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Psychological Border Still Divides Germany - 2003-11-14

It has been 13 years since Germany was reunited. Until now, attention has focused on the immense challenges of integrating two very different entities. But the slow pace of achieving parity between the dilapidated economy of the former East Germany and the affluent, powerhouse economy of the west, has sparked resentment and a sense of inequality in the east. Such feelings and the passage of time have sparked growing nostalgia for elements of the "good old" days before unification. Borders in the mind are harder to dismantle than the wall that once divided Berlin.

The trend has even acquired its own label. Combining the German words for east or ost with nostalgia, produces "ostalgia".

Signs of it are everywhere. Television programs focus on life and culture in the former East Germany. Young people in eastern cities hold "Ossi" or easterner parties.

And, at least one luxury hotel in Dresden is offering an "Ostalgia" vacation package, which includes a sightseeing tour from the back of a Trabant, the small car that came to symbolize East Germany in the waning years of communism.

In the German capital today, there are few remaining physical traces of the Berlin Wall which served as the symbolic dividing line between all of East and West Germany. Nowadays, though, many observers say, there is a psychological wall that still exists in many German minds.

Thomas Habicht, senior political editor for the broadcast news station Rundfunk Berlin-Brandenburg, says there are many strong reasons East Germany should not be resuscitated.

"The East German reality was characterized by low pay, by shortages in supplies, by 1,000 people who were killed at the inner-German border and at the Berlin Wall, 1,000 victims of this deadly border system," he said.

Mr. Habicht says these are not the source of "ostalgia," but, after all this time, East Germans are simply looking for a way to justify their own lives.

"If you, as an East German, believe that you have done a good job in the wrong system, but you, yourself, have done a good job - then, there are West Germans coming who tell you, 'nothing, which you did was valuable - nothing you did was any productive contribution,"said Thomas Habicht. "We now have to pay for your situation.' It's the 'rich uncle' attitude. So, I believe it is perfectly understandable."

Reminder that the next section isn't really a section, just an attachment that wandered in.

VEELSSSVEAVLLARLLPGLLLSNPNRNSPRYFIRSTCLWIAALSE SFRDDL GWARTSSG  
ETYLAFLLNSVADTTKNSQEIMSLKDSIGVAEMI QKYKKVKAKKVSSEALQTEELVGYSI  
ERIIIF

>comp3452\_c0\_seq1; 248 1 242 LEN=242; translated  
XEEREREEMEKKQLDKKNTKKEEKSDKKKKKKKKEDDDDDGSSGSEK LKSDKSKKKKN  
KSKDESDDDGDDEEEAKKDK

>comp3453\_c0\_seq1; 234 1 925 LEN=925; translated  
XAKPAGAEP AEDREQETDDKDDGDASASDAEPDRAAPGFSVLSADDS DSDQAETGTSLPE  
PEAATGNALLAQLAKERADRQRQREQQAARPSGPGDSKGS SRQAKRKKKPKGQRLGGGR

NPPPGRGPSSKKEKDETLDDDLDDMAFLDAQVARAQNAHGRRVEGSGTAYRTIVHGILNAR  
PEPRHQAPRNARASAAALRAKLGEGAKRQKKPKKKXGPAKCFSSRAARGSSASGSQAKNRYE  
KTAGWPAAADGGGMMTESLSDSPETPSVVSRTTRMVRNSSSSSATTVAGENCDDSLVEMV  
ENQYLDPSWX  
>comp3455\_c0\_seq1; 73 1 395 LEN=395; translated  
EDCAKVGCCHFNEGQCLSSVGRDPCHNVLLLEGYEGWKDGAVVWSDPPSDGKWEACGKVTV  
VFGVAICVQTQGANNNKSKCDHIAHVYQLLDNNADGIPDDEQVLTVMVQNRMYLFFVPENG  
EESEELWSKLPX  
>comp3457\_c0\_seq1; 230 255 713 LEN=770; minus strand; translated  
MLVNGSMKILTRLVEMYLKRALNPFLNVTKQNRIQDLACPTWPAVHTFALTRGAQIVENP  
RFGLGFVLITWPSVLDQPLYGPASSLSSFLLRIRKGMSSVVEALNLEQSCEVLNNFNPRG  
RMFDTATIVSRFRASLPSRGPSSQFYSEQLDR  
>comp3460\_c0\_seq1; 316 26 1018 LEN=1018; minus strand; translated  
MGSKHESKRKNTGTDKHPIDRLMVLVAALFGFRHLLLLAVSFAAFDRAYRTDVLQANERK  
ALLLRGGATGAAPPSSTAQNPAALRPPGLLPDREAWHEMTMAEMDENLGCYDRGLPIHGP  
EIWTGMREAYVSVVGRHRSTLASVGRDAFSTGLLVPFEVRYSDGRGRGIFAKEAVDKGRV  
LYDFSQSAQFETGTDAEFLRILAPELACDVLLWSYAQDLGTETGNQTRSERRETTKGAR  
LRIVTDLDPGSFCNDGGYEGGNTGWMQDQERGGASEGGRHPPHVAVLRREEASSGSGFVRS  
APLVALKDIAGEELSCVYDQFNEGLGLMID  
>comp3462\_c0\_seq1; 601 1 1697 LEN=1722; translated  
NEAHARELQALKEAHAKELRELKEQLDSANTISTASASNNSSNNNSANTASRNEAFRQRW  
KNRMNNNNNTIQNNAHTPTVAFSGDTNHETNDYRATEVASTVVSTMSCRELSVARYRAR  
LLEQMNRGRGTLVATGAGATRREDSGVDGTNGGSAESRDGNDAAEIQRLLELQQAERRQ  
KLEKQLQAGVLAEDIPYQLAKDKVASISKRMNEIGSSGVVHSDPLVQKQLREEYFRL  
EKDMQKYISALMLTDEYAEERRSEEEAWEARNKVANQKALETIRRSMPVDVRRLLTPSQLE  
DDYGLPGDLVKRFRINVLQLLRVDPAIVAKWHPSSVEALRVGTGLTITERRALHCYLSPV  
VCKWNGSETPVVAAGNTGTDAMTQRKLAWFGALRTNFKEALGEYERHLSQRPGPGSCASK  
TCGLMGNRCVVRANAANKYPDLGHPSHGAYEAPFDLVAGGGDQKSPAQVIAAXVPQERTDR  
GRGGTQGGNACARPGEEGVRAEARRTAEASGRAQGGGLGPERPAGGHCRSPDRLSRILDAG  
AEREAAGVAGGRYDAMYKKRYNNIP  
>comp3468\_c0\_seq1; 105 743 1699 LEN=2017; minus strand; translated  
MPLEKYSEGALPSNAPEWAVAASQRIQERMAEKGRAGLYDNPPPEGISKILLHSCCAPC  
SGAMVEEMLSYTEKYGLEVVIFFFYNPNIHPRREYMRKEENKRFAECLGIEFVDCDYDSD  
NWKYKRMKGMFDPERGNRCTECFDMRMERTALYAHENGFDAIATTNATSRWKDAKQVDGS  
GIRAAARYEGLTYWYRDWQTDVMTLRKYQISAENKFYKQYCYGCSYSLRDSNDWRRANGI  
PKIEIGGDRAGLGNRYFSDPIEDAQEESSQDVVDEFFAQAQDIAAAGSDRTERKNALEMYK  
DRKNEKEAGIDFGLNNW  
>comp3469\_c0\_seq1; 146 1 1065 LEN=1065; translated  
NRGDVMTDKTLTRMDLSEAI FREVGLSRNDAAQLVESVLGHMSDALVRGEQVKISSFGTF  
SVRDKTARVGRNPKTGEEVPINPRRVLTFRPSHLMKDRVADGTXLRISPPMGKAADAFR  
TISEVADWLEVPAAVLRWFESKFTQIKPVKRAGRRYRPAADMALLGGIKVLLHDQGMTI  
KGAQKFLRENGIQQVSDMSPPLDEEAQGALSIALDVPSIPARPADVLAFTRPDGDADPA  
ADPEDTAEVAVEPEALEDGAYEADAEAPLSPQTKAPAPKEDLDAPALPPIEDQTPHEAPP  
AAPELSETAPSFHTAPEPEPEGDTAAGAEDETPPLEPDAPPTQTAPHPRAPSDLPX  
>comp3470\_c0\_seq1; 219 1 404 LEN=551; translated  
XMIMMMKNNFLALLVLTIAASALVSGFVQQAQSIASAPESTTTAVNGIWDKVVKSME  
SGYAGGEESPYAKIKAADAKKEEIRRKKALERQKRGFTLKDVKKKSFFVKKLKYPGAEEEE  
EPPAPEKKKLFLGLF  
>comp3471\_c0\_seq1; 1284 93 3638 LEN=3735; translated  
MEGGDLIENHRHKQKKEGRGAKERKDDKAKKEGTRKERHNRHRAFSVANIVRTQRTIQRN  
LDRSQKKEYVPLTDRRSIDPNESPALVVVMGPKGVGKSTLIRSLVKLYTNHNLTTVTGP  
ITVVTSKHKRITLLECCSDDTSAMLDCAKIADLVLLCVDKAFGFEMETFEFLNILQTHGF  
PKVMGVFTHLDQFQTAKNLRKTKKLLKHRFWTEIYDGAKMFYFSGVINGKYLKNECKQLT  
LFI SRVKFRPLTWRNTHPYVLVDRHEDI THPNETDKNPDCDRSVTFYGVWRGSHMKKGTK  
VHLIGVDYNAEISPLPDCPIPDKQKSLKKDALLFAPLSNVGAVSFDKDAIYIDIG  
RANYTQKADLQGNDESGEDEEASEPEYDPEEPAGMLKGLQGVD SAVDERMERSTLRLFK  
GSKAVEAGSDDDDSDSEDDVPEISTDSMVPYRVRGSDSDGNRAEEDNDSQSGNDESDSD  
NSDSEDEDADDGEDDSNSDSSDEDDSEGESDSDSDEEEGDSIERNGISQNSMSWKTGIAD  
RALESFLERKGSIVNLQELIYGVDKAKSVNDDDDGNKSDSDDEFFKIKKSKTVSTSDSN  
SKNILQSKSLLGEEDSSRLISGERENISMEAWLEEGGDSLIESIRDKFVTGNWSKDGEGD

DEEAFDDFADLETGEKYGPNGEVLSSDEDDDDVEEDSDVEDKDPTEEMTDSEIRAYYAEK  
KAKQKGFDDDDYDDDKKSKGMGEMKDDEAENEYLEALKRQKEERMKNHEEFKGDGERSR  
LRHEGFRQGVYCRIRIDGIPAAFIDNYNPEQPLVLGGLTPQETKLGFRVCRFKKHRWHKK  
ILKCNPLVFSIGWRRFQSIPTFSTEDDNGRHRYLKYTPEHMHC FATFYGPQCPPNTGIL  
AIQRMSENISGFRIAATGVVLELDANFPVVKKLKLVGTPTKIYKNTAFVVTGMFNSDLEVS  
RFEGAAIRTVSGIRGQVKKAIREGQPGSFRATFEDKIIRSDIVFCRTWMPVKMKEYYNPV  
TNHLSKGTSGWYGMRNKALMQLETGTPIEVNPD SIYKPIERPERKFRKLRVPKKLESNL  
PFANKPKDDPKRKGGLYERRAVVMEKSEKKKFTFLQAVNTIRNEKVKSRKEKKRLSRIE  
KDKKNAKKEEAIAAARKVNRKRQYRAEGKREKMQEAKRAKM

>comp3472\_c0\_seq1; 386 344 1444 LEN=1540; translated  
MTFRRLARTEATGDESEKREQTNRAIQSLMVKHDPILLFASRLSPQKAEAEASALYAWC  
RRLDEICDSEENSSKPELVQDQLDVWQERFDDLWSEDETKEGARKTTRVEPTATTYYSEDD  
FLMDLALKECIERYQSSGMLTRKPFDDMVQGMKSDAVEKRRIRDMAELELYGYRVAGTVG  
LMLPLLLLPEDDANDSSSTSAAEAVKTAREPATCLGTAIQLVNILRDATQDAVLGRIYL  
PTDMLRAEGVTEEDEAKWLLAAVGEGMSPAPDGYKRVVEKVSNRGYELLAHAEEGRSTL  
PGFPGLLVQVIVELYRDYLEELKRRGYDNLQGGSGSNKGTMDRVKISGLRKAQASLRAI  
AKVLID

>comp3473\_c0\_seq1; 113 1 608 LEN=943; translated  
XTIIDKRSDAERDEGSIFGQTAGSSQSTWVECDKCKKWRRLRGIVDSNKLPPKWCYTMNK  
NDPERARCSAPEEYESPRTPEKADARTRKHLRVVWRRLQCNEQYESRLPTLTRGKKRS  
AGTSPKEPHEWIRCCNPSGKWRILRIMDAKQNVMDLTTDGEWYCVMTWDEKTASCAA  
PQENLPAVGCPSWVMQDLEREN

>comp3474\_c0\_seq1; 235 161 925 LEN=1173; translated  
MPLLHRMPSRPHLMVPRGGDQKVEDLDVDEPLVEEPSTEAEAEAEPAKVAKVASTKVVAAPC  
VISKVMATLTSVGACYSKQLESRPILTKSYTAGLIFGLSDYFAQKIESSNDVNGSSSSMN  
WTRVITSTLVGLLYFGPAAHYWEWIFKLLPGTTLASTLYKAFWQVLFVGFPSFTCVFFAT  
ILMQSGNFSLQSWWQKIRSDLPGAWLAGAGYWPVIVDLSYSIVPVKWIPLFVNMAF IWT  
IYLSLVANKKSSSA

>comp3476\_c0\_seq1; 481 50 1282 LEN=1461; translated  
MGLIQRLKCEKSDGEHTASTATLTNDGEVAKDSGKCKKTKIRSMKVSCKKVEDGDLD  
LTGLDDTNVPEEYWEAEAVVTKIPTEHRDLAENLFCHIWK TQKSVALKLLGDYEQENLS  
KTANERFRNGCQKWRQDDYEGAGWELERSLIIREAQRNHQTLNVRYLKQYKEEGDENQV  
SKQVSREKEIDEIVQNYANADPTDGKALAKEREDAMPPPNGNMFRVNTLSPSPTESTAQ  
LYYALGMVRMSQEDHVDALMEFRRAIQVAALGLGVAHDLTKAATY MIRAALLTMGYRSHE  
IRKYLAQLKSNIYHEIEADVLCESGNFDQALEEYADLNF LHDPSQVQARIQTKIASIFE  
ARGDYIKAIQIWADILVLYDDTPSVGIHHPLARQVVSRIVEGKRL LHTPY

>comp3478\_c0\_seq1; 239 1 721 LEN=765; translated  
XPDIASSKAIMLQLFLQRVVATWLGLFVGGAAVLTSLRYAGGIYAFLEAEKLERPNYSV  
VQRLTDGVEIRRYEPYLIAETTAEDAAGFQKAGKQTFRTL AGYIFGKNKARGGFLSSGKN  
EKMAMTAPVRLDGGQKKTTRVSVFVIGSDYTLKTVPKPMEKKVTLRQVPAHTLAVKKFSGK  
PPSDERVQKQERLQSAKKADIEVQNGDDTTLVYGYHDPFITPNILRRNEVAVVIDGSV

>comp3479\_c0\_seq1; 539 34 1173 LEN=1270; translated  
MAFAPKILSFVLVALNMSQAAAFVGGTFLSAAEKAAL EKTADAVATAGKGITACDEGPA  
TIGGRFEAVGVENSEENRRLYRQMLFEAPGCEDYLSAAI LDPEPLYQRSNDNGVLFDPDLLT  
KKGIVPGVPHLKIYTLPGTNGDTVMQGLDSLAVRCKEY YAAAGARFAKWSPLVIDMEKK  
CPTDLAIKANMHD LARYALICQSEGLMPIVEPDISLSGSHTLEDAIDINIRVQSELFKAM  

A film that German media have described as riding the crest of the "ostalgia" wave is Goodbye, Lenin, which tells the story of a young man and his mother in East Berlin, right before reunification.

With more than six million viewers in Germany, the film enjoyed tremendous box office success, and won the country's top prize for best film of the year.

The film's director, Wolfgang Becker, who is from western Germany, says he is tired of answering questions about "ostalgia."

"That's the thing, which annoys me a little bit, because we didn't intend to create [an] ostalgic movement," he said. "We were never thinking about ostalgic things, because we didn't felt it - we didn't feel it."

Mr. Becker says, just because his film does not focus on the negative aspects of East Germany, does not mean it is trying to whitewash the regime. He says he believes the movie struck an chord of "ostalgia" that already existed in the population. The film director says, until now, no one has focused on the ordinary lives of the people who were living under the East German dictatorship.

Mr. Becker says, for Germans experiencing ostalgia, their feelings go deeper than a superficial interest in the typical clothing, or foods of the era.

"It was like a part of their memories, a part of their life, which is not just a lot of people have very good memories," said Wolfgang Becker. "Because, of course, [also] in a dictatorship, you have your first kiss, or your first sex, or you become parents, or you have good parents, or you get kids, and so on and so forth. There are so many positive memories."

For many former East Germans in Berlin, ostalgia centers on a relatively modern building, covered in smoky glass, called the Palace of the Republic. Critics call it ugly. It was erected in 1976 by the East German government on the foundations of an 18th century palace that was damaged by Allied bombs during World War II. The modern structure, which once housed the East German parliament, performance stages and restaurants, was closed shortly after reunification because authorities found dangerous levels of asbestos in building materials. On a recent tour of what is now a gutted concrete, steel and glass shell, 25-year-old Katja, from eastern Berlin, remembers her one previous visit, two decades ago.

"I've been [here] before," she said. "One time in my life, in this place. I was a child. I think I was five-years-old, or so. And I can't remember very concretely. But I think it was enormous. It was great and brightness. It was a party for Christmas, or something like that. It was a big adventure for me."

Now, she says, as she walks around the darkened building, she is sad to find nothing left of the lights that played such a prominent role in her memory.

Ostalgia is the subject of much debate in contemporary Germany. One example is the fate of Berlin's Palace of the Republic, what's left of which is to be torn down. The current plan, if authorities can raise enough money, is to reach back in history long before there ever was an East or West Germany and rebuild the old palace.